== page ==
MADISON — The Legislature’s Budget Committee has voted to direct some $4 million to safeguard land in northern Wisconsin, allowing Gov. Tony Evers' Department of Natural Resources to obtain more than 14,000 acres in Iron County for public use.
The purchase would be among the largest land buys under the state's Knowles-Nelson Stewardship Program. It's one of two acquisitions the Joint Finance Committee voted to advance Tuesday.
But the approved $4.3 million for the Iron County acquisition, a figure based on the lowest estimated value of the property, is $500,000 less than the $4.8 million previously OK'd for the purchase.
With the plan still needing approval from landowners, some worry the deal could be in jeopardy following the committee's actions.
The vote came after a committee member objected to the agency’s request to purchase the land from the Keweenaw Land Association, a timber investment management organization, for the Forest Legacy Program in Iron County and allocate $347,000 to get almost 200 acres for the Marathon County Forest.
The action sent it to the full Joint Finance Committee, which decided to approve both on Tuesday. Five members were absent in the body’s first meeting since the biennial state budget passed earlier this summer.
For the Iron County land, the parcel would be acquired under the easement process, a perpetual agreement between the DNR and landowner whereby the state obtains certain rights from the owner. Under the deal, Keweenaw would manage the properties, pay taxes and assessments on it and obtain revenues from timber harvests, while public access would be retained and no developments or buildings would be constructed on the property.
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Wisconsin Wildlife Federation executive director George Meyer said he's concerned the agreement ultimately may not be approved, given the funding cut.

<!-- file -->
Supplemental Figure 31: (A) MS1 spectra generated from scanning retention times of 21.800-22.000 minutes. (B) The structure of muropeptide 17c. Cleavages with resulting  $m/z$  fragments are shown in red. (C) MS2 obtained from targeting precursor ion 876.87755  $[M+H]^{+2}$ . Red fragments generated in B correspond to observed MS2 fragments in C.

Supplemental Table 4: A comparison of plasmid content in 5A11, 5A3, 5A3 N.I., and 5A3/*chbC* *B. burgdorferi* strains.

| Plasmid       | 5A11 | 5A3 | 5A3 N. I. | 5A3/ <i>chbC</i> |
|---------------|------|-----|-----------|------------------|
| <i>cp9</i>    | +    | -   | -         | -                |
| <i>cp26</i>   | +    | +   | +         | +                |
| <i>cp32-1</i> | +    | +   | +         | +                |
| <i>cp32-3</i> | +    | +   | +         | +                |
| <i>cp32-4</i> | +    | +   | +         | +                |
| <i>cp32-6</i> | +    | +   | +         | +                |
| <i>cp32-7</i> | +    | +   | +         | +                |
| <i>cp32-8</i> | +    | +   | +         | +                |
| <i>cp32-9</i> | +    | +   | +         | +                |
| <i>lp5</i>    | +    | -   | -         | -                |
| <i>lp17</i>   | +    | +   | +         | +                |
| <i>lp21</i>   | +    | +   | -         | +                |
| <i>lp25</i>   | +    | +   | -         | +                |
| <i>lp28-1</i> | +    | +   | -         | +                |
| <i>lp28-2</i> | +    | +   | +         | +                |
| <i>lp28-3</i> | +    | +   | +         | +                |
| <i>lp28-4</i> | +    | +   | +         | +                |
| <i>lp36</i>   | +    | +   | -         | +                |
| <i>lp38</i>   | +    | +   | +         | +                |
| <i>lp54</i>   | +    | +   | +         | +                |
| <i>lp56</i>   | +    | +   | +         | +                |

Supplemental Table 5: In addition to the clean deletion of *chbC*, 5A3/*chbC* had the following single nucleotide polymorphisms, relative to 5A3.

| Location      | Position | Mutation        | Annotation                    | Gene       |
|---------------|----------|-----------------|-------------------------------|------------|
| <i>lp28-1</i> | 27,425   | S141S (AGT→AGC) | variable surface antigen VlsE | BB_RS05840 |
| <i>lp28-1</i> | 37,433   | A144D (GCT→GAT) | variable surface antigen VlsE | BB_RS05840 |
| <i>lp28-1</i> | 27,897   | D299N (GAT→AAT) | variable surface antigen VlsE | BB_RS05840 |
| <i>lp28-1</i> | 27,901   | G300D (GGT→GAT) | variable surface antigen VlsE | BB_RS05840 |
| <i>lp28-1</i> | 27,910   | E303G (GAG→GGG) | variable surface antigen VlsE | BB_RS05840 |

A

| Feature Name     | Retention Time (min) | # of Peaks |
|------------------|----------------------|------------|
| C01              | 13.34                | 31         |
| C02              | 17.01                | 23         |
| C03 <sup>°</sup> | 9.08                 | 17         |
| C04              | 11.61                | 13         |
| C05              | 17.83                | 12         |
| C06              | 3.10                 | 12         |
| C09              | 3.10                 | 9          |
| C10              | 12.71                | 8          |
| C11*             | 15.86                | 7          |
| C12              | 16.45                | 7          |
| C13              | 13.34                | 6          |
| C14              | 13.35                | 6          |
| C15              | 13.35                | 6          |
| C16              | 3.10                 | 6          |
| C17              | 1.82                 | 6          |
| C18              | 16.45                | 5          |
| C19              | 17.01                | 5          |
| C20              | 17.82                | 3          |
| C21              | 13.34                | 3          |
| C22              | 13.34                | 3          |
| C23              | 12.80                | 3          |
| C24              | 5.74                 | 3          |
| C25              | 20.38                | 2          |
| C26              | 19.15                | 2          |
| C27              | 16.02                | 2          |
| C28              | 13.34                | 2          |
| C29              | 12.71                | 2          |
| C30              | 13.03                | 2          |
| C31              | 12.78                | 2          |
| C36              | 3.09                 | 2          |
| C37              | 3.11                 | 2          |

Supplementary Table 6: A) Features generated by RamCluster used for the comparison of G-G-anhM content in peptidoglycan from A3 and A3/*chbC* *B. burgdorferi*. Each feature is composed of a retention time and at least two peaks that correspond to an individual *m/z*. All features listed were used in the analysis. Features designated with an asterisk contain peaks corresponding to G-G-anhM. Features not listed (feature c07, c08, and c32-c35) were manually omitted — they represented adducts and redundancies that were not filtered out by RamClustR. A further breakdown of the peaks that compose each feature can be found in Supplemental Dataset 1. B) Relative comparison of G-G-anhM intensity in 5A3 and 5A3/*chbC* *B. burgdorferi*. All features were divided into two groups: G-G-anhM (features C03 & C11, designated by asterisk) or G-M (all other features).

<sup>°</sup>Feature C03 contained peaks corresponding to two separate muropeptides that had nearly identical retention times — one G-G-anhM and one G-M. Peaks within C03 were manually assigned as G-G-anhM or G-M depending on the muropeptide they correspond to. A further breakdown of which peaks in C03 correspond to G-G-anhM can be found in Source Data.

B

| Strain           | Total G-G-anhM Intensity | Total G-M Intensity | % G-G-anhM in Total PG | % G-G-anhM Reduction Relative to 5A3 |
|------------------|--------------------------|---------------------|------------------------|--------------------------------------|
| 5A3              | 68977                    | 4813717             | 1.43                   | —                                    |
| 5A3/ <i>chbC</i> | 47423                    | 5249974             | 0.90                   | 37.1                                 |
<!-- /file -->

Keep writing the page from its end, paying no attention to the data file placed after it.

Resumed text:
"I hope they agree to it but they're going to make their own business decision based on economics to the company," the former DNR secretary said.
He also highlighted the benefits of the agreement for hunting, fishing, biking and other outdoor recreational activities, in addition to the area's boost to the timber industry.
A spokesperson for Keweenaw didn't immediately return a request for comment. A DNR spokeswoman said the agency is reviewing the committee's decision on the proposal, but added officials will move forward with the Marathon County purchase.
Getting approval from the landowner is the last big hurdle in the process, Meyer said, which concludes with paperwork being finalized between the state and the seller.
Since 1991, just nine land acquisitions under the program exceeded 10,000 acres, according to the latest Legislative Fiscal Bureau informational paper on the program. As of last June, nearly 670,000 acres of land were bought through the program.
The land stewardship program has faced scrutiny in recent years. The Legislature in its budget, which Evers approved last month, opted to extend the program for two more years and reauthorize bonding for it at $33.25 million annually, though it’s typically been funded on a 10-year cycle. The framework first began in 1989.